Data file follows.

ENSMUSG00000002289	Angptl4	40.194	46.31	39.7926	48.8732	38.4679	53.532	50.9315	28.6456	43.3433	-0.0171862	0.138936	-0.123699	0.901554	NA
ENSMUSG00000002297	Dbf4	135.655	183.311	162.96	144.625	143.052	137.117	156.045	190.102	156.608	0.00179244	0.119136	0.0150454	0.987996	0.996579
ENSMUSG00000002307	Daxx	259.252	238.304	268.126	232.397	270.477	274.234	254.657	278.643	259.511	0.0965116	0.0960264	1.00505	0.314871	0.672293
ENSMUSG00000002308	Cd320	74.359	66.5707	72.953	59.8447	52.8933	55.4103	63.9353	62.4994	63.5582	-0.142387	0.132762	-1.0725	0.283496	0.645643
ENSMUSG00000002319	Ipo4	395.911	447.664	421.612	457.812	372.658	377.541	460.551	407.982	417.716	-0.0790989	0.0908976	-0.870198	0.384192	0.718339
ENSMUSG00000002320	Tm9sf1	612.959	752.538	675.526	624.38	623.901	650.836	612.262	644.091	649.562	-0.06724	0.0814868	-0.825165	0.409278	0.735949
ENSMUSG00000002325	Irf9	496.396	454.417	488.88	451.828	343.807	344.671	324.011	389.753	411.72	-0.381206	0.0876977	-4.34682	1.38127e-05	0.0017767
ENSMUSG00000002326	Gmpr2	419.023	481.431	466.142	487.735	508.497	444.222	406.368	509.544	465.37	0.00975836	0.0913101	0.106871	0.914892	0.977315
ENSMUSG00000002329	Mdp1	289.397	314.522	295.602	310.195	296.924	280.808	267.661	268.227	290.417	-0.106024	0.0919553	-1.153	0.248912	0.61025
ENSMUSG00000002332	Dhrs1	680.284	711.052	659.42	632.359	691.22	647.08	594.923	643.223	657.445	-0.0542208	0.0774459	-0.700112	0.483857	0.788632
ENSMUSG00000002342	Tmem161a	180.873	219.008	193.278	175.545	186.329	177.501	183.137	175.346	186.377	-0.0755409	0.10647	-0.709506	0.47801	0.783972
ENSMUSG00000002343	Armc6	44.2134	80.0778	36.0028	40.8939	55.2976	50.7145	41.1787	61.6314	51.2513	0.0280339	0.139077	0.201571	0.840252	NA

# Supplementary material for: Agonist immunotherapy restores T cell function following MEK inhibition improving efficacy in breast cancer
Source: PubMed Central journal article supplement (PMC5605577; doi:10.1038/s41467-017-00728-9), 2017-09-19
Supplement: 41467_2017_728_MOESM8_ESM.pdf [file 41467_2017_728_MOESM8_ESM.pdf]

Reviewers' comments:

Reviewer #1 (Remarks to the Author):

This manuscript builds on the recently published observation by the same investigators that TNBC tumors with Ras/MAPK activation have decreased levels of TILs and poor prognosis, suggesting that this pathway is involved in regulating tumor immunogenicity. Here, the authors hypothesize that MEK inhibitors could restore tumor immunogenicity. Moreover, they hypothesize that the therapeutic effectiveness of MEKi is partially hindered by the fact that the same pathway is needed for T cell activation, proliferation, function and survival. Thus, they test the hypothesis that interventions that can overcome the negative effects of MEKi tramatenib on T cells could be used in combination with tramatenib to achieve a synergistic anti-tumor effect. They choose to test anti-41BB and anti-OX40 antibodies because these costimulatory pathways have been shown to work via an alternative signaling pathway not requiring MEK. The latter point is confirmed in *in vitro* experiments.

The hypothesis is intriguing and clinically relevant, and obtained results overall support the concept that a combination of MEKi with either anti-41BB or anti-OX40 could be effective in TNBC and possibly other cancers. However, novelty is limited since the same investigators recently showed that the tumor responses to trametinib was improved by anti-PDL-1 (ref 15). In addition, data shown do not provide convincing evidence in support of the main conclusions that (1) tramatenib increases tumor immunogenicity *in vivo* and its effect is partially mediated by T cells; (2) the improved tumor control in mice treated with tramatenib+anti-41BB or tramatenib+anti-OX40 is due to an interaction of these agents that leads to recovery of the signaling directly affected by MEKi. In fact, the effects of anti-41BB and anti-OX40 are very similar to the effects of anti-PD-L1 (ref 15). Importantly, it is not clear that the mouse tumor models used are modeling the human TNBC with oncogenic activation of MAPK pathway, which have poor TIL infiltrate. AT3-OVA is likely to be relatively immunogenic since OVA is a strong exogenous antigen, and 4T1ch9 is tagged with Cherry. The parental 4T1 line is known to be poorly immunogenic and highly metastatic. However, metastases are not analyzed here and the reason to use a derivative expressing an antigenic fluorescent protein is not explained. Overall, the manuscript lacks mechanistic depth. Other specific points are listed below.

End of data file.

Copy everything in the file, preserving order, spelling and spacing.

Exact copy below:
ENSMUSG00000002289	Angptl4	40.194	46.31	39.7926	48.8732	38.4679	53.532	50.9315	28.6456	43.3433	-0.0171862	0.138936	-0.123699	0.901554	NA
ENSMUSG00000002297	Dbf4	135.655	183.311	162.96	144.625	143.052	137.117	156.045	190.102	156.608	0.00179244	0.119136	0.0150454	0.987996	0.996579
ENSMUSG00000002307	Daxx	259.252	238.304	268.126	232.397	270.477	274.234	254.657	278.643	259.511	0.0965116	0.0960264	1.00505	0.314871	0.672293
ENSMUSG00000002308	Cd320	74.359	66.5707	72.953	59.8447	52.8933	55.4103	63.9353	62.4994	63.5582	-0.142387	0.132762	-1.0725	0.283496	0.645643
ENSMUSG00000002319	Ipo4	395.911	447.664	421.612	457.812	372.658	377.541	460.551	407.982	417.716	-0.0790989	0.0908976	-0.870198	0.384192	0.718339
ENSMUSG00000002320	Tm9sf1	612.959	752.538	675.526	624.38	623.901	650.836	612.262	644.091	649.562	-0.06724	0.0814868	-0.825165	0.409278	0.735949
ENSMUSG00000002325	Irf9	496.396	454.417	488.88	451.828	343.807	344.671	324.011	389.753	411.72	-0.381206	0.0876977	-4.34682	1.38127e-05	0.0017767
ENSMUSG00000002326	Gmpr2	419.023	481.431	466.142	487.735	508.497	444.222	406.368	509.544	465.37	0.00975836	0.0913101	0.106871	0.914892	0.977315
ENSMUSG00000002329	Mdp1	289.397	314.522	295.602	310.195	296.924	280.808	267.661	268.227	290.417	-0.106024	0.0919553	-1.153	0.248912	0.61025
ENSMUSG00000002332	Dhrs1	680.284	711.052	659.42	632.359	691.22	647.08	594.923	643.223	657.445	-0.0542208	0.0774459	-0.700112	0.483857	0.788632
ENSMUSG00000002342	Tmem161a	180.873	219.008	193.278	175.545	186.329	177.501	183.137	175.346	186.377	-0.0755409	0.10647	-0.709506	0.47801	0.783972
ENSMUSG00000002343	Armc6	44.2134	80.0778	36.0028	40.8939	55.2976	50.7145	41.1787	61.6314	51.2513	0.0280339	0.139077	0.201571	0.840252	NA

# Supplementary material for: Agonist immunotherapy restores T cell function following MEK inhibition improving efficacy in breast cancer
Source: PubMed Central journal article supplement (PMC5605577; doi:10.1038/s41467-017-00728-9), 2017-09-19
Supplement: 41467_2017_728_MOESM8_ESM.pdf [file 41467_2017_728_MOESM8_ESM.pdf]

Reviewers' comments:

Reviewer #1 (Remarks to the Author):

This manuscript builds on the recently published observation by the same investigators that TNBC tumors with Ras/MAPK activation have decreased levels of TILs and poor prognosis, suggesting that this pathway is involved in regulating tumor immunogenicity. Here, the authors hypothesize that MEK inhibitors could restore tumor immunogenicity. Moreover, they hypothesize that the therapeutic effectiveness of MEKi is partially hindered by the fact that the same pathway is needed for T cell activation, proliferation, function and survival. Thus, they test the hypothesis that interventions that can overcome the negative effects of MEKi tramatenib on T cells could be used in combination with tramatenib to achieve a synergistic anti-tumor effect. They choose to test anti-41BB and anti-OX40 antibodies because these costimulatory pathways have been shown to work via an alternative signaling pathway not requiring MEK. The latter point is confirmed in *in vitro* experiments.

The hypothesis is intriguing and clinically relevant, and obtained results overall support the concept that a combination of MEKi with either anti-41BB or anti-OX40 could be effective in TNBC and possibly other cancers. However, novelty is limited since the same investigators recently showed that the tumor responses to trametinib was improved by anti-PDL-1 (ref 15). In addition, data shown do not provide convincing evidence in support of the main conclusions that (1) tramatenib increases tumor immunogenicity *in vivo* and its effect is partially mediated by T cells; (2) the improved tumor control in mice treated with tramatenib+anti-41BB or tramatenib+anti-OX40 is due to an interaction of these agents that leads to recovery of the signaling directly affected by MEKi. In fact, the effects of anti-41BB and anti-OX40 are very similar to the effects of anti-PD-L1 (ref 15). Importantly, it is not clear that the mouse tumor models used are modeling the human TNBC with oncogenic activation of MAPK pathway, which have poor TIL infiltrate. AT3-OVA is likely to be relatively immunogenic since OVA is a strong exogenous antigen, and 4T1ch9 is tagged with Cherry. The parental 4T1 line is known to be poorly immunogenic and highly metastatic. However, metastases are not analyzed here and the reason to use a derivative expressing an antigenic fluorescent protein is not explained. Overall, the manuscript lacks mechanistic depth. Other specific points are listed below.